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What does a bankrupt LightSquared have to offer? Not much.

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LightSquared’s backer, Philip Falcone, explained on Thursday his rationale for a voluntary bankruptcy filing for the would-be wholesale LTE network provider as opposed to selling the company and its assets. Given the paucity of actual assets in LightSquared, and the fact that Falcone has invested billions so far into LightSquared, this is almost a no-brainer.

From his press release:

“While no decision has yet been made, the rationale behind a voluntary filing would be to give us the necessary time to continue with our vision, build the network and protect the company from creditors who are more interested in a quick flip.”

Let’s think about what LightSquared actually has to offer. Despite signing multiple customers and trumpeting those deals, LightSquared actually doesn’t yet have a network. It’s primary assets appear to be two satellites and some controversial spectrum. Let’s start with the satellites.

One has already launched and is delivering service from space. So far TMF Associates analyst Tim Farrar says that bird provides revenue but not profits, and is an unlikely candidate for a high bid because it’s already in orbit. As an example he points to Irridium’s bankruptcy. The satellite company spent billions on launching a constellation of satellites, only to then fail and sell its birds in orbit for $25 million.

However, LightSquared second orbiter is still on the ground and is much more valuable. It’s worth up to $120 million, Farrar estimates, and he says Boeing is the most likely buyer since the aerospace company can launch it for the Mexican government’s planned satellite network.

And then there’s the spectrum. Falcone’s whole plan was based on a financial play to flip the satellite spectrum that underpinned the eventual LightSquared network. The FCC approvals and waivers helped boost the value of that spectrum, especially as fears of a spectrum shortage gained publicity. But instead of selling LightSquared’s satellite licenses for a quick windfall, Falcone found himself building an actual network. As that network came closer to becoming real, the GPS industry freaked out about the possibility of interference.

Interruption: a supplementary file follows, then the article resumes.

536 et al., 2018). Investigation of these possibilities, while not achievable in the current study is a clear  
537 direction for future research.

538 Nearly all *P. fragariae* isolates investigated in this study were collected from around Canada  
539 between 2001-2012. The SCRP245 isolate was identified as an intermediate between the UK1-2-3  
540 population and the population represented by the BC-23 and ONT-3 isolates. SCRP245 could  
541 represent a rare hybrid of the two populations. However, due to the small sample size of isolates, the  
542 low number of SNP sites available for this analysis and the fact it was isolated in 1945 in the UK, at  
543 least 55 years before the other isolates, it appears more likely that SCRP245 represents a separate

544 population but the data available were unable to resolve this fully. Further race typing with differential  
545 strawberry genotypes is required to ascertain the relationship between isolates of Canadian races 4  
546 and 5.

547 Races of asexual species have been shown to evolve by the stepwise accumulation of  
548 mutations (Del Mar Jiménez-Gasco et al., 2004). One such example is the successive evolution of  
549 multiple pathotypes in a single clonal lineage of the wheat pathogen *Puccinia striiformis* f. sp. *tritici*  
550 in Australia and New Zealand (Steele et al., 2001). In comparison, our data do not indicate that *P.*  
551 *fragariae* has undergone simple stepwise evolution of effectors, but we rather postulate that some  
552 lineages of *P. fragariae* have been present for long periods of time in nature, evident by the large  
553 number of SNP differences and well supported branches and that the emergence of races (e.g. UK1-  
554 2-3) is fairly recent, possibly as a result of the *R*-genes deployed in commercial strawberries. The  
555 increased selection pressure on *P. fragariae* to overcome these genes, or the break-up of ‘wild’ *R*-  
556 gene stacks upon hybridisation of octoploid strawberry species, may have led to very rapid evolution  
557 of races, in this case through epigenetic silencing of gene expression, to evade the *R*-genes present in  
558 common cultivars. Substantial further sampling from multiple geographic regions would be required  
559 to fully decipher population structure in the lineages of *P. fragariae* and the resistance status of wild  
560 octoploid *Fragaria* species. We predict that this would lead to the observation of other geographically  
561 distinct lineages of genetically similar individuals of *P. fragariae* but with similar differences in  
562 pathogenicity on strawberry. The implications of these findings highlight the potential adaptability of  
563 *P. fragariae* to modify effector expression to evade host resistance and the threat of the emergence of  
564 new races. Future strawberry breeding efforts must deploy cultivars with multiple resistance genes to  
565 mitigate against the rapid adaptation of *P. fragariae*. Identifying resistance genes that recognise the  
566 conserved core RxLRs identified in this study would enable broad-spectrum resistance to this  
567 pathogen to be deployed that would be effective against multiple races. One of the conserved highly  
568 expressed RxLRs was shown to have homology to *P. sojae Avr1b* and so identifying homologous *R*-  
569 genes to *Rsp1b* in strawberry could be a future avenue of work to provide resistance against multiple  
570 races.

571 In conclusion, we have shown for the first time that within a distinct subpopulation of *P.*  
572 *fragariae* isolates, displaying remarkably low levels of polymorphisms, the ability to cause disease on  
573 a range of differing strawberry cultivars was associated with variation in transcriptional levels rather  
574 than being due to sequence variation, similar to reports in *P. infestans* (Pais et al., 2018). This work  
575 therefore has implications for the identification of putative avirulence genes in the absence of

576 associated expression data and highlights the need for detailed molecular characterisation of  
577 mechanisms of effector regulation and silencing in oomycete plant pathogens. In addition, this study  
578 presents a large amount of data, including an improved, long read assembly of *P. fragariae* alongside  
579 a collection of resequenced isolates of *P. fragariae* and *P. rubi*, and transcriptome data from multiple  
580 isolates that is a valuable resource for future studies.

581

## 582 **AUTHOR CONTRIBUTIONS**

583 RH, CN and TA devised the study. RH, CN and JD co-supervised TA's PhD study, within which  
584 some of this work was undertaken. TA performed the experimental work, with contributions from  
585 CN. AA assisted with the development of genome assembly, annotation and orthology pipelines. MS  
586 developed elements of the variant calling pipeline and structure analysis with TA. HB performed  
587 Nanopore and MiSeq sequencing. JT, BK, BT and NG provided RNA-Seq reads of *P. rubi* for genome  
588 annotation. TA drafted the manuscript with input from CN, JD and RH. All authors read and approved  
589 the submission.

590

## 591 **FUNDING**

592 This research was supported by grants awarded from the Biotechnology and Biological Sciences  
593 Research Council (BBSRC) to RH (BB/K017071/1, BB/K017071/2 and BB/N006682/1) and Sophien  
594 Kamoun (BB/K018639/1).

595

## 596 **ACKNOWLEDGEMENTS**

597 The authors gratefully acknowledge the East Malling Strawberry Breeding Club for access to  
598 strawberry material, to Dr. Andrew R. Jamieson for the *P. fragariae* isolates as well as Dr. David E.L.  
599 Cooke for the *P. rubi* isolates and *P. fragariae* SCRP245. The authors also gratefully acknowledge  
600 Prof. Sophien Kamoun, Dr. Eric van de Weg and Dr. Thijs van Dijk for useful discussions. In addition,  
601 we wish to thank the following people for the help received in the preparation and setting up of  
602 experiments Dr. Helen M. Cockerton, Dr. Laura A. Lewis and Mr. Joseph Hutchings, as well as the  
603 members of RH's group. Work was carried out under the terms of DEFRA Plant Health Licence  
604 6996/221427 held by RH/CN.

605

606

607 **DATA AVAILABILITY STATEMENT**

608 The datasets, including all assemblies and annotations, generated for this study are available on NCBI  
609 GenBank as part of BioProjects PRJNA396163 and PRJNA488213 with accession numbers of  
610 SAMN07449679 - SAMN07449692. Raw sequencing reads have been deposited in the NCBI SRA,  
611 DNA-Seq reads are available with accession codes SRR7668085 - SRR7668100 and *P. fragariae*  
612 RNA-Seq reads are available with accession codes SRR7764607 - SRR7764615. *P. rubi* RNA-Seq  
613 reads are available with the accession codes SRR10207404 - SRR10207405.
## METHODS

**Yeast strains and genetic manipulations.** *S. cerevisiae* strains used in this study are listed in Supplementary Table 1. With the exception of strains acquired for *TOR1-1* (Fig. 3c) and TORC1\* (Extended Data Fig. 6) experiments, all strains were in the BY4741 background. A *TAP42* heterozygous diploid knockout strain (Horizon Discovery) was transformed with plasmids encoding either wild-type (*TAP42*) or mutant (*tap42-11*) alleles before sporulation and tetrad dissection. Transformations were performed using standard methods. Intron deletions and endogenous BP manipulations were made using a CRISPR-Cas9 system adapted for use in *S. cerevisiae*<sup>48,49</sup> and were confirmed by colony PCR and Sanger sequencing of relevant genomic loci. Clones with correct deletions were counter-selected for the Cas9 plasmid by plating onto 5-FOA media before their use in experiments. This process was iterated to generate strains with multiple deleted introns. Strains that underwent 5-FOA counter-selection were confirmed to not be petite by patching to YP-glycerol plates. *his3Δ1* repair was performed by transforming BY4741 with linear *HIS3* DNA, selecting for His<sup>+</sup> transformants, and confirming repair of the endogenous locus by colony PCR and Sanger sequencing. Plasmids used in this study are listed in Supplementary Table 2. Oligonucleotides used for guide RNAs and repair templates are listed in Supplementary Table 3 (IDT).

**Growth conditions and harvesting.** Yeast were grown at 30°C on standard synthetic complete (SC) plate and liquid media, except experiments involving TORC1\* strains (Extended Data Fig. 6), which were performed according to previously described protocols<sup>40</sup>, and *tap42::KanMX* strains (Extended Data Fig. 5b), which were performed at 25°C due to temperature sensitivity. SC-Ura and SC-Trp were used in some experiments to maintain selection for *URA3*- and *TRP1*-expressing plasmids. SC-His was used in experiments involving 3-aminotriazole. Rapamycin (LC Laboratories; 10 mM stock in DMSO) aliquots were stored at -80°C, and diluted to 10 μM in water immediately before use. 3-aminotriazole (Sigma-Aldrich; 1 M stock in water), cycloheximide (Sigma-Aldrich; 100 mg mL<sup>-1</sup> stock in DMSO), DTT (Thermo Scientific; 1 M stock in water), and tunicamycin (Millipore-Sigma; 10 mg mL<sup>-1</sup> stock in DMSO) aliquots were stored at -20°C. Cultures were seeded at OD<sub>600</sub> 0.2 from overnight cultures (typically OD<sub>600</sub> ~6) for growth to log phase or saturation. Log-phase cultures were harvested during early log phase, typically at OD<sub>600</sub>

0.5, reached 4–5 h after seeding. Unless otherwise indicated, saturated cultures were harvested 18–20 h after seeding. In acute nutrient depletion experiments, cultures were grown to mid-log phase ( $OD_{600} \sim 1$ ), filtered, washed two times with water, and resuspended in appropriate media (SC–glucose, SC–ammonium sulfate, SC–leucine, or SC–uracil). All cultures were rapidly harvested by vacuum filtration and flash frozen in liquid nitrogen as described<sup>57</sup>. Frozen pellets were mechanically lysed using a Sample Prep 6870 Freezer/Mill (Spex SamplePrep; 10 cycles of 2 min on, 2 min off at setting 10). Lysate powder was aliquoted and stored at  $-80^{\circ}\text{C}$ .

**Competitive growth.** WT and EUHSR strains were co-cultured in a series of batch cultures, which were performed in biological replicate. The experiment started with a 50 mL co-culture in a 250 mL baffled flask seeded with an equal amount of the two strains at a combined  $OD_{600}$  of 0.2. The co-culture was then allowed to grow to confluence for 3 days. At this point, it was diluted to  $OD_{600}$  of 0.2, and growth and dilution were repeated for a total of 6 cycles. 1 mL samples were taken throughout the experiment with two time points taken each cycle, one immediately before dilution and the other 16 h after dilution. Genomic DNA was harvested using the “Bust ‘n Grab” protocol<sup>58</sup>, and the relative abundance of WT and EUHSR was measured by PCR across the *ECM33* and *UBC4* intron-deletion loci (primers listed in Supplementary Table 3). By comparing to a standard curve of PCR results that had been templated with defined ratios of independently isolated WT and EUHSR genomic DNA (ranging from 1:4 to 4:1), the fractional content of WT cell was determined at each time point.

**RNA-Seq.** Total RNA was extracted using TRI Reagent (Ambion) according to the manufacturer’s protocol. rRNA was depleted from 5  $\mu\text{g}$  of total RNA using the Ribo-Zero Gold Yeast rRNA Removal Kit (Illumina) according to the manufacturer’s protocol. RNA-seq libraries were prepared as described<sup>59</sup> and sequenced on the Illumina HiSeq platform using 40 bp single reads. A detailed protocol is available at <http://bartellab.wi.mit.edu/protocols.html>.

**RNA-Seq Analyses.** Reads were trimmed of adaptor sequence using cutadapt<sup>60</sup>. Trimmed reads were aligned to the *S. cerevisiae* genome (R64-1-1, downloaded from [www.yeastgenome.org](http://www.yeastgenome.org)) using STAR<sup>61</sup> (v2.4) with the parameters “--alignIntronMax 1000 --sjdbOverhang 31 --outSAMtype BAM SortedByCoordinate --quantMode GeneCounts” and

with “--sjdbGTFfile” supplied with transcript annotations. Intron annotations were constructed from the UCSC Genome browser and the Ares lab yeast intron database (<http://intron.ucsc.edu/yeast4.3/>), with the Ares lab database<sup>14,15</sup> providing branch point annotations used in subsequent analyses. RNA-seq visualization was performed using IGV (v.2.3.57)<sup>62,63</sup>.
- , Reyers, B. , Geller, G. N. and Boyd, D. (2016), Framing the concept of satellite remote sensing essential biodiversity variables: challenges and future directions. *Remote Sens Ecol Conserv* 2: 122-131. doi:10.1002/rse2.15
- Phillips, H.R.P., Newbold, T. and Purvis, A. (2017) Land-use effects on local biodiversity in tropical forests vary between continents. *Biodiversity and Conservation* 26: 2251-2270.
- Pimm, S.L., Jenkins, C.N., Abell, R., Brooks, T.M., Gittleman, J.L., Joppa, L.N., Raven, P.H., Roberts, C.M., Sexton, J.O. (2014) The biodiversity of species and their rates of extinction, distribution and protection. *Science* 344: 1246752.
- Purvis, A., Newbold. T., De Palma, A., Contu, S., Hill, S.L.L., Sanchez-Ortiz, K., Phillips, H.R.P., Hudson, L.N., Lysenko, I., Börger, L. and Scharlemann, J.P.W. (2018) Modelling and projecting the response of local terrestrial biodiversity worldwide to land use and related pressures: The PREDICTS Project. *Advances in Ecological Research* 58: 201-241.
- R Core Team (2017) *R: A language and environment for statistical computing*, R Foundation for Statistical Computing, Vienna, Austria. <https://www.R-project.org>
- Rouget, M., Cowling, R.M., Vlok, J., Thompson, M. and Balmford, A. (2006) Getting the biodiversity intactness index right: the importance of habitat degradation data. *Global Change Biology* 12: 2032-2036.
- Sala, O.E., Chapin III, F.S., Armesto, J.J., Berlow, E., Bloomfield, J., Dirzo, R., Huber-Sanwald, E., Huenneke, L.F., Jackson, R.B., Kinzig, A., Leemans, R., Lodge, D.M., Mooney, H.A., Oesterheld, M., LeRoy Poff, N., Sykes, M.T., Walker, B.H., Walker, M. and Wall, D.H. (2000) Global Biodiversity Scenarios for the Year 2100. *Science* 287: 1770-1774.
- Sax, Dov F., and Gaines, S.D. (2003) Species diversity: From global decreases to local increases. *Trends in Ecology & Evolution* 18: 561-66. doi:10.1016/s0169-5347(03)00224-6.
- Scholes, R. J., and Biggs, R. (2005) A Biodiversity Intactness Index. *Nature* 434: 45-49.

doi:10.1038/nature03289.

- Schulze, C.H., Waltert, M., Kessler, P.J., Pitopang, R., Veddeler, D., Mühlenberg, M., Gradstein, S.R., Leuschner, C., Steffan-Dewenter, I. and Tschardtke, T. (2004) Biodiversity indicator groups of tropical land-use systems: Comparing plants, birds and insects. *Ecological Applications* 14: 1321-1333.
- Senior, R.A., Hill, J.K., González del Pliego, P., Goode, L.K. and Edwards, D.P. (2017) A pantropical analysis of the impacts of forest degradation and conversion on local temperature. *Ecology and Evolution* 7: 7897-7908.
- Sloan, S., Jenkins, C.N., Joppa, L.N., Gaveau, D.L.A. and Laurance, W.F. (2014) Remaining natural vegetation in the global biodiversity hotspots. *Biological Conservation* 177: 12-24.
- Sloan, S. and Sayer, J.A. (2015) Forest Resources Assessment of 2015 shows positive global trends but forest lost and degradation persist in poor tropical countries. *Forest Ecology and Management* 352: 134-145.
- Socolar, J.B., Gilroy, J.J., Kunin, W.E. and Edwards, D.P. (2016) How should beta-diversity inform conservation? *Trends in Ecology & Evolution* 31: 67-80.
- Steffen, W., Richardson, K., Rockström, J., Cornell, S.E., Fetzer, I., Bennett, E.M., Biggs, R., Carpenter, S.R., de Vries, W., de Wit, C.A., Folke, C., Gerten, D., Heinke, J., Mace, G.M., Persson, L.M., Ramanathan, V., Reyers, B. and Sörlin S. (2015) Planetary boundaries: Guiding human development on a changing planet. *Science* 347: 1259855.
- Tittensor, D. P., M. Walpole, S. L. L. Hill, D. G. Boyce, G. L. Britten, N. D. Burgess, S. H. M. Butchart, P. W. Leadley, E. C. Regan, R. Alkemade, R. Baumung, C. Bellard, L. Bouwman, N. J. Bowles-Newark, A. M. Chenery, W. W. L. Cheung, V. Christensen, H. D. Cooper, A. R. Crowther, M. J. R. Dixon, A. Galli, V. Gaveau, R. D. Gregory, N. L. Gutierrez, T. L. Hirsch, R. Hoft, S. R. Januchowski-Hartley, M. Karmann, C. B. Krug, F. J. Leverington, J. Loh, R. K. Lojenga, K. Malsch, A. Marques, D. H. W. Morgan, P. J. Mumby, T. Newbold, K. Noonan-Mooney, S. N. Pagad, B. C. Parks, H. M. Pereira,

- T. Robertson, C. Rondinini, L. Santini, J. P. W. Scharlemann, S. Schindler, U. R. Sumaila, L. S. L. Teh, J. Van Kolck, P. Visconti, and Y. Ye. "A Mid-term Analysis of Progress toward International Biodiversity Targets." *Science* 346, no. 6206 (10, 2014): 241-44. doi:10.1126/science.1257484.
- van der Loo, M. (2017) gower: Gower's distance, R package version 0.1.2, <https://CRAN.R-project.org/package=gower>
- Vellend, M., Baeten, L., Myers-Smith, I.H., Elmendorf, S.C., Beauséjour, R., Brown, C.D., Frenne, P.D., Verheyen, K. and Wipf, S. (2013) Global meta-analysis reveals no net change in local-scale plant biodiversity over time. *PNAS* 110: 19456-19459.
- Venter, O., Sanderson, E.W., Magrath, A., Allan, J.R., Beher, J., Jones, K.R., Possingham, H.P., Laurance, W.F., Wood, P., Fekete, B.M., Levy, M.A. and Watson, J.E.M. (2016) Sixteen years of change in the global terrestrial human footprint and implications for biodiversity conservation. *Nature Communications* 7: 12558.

That debate led to tests, political wrangling and finally the FCC pulling the waiver that would allow LightSquared to operate a terrestrial network using airwaves designed for satellites. That’s bad news for LightSquared’s business, but it also is bad news for those airwaves. The value of spectrum cleared for terrestrial mobile broadband is high, but now that those L-band airwaves are politically poisonous, it’s doubtful they’re worth much. Falcone claims bankruptcy helps LightSquared avoid a quick flip, but it’s worth wondering exactly what Falcone actually has to flip.

2 Responses to “What does a bankrupt LightSquared have to offer? Not much.”

  1. Keith Peshak

    First, the “Big Phil” (Sky Terra 1) was designed to be used as a Sat Phone. These have always failed in the past, with rates of a billion dollars per month, and ten customers. How about trying $20/month and a billion customers? Find a decent price point!

    Second, the “Big Phil” could be used as a PNT system disbursal point. We only have GPS since Homeland Security shut down Loran-C, leaving us with only one PNT system, upon which all of modern society cannot exist without, which is easily jammed with a pleasure boat TV receiving antenna (like happened in Monterey Bay). Yes, the Homeland Security Secretary should be prosecuted for stupidity rising to the level of treason, but, where you going to find smarter? Fix the problem she created!

    Third, the “Big Phil” can be used to broadcast radar maps, TFRs, aircraft positions for collision avoidance purposes, satilite weather photos, … If the FAA was actually run by pilots, they would buy it and operate it.

    Sky Terra 1 has great value, and Sky Terra 2 should be launched. Holding this highly useful existing system hostage for just another cell phone company is technically rediculous use of infrastructure. It can obsolete cell phone companies!

  2. First, the satallite has great value because it has the largest reflector ever fielded. Sat phones failed in the past because you have to carry around a large parabolic reflector antenna for your phone to reach the satellite, plus an electronics technician to set it up and orient it for your phone. The “Big Phil” (Sky Terra 1) has a super high gain antenna, so the phone can be about the size of a normal cell phone, and does not need giant parabolic antenna nor electronics technician to set up what you don’t need.

    Second, we make a filter that will keep high powered signals out of GPS. Yes, anyone can get as many as they want now. Yes it is expensive at $1200.00 each, yes it is the size of a brick. We made new physics, but there is a limit to what anyone can do about 15,000 watts 1000 feet away on an adjacent frequency. Hopefully, the FCC will hire some engineers in the future.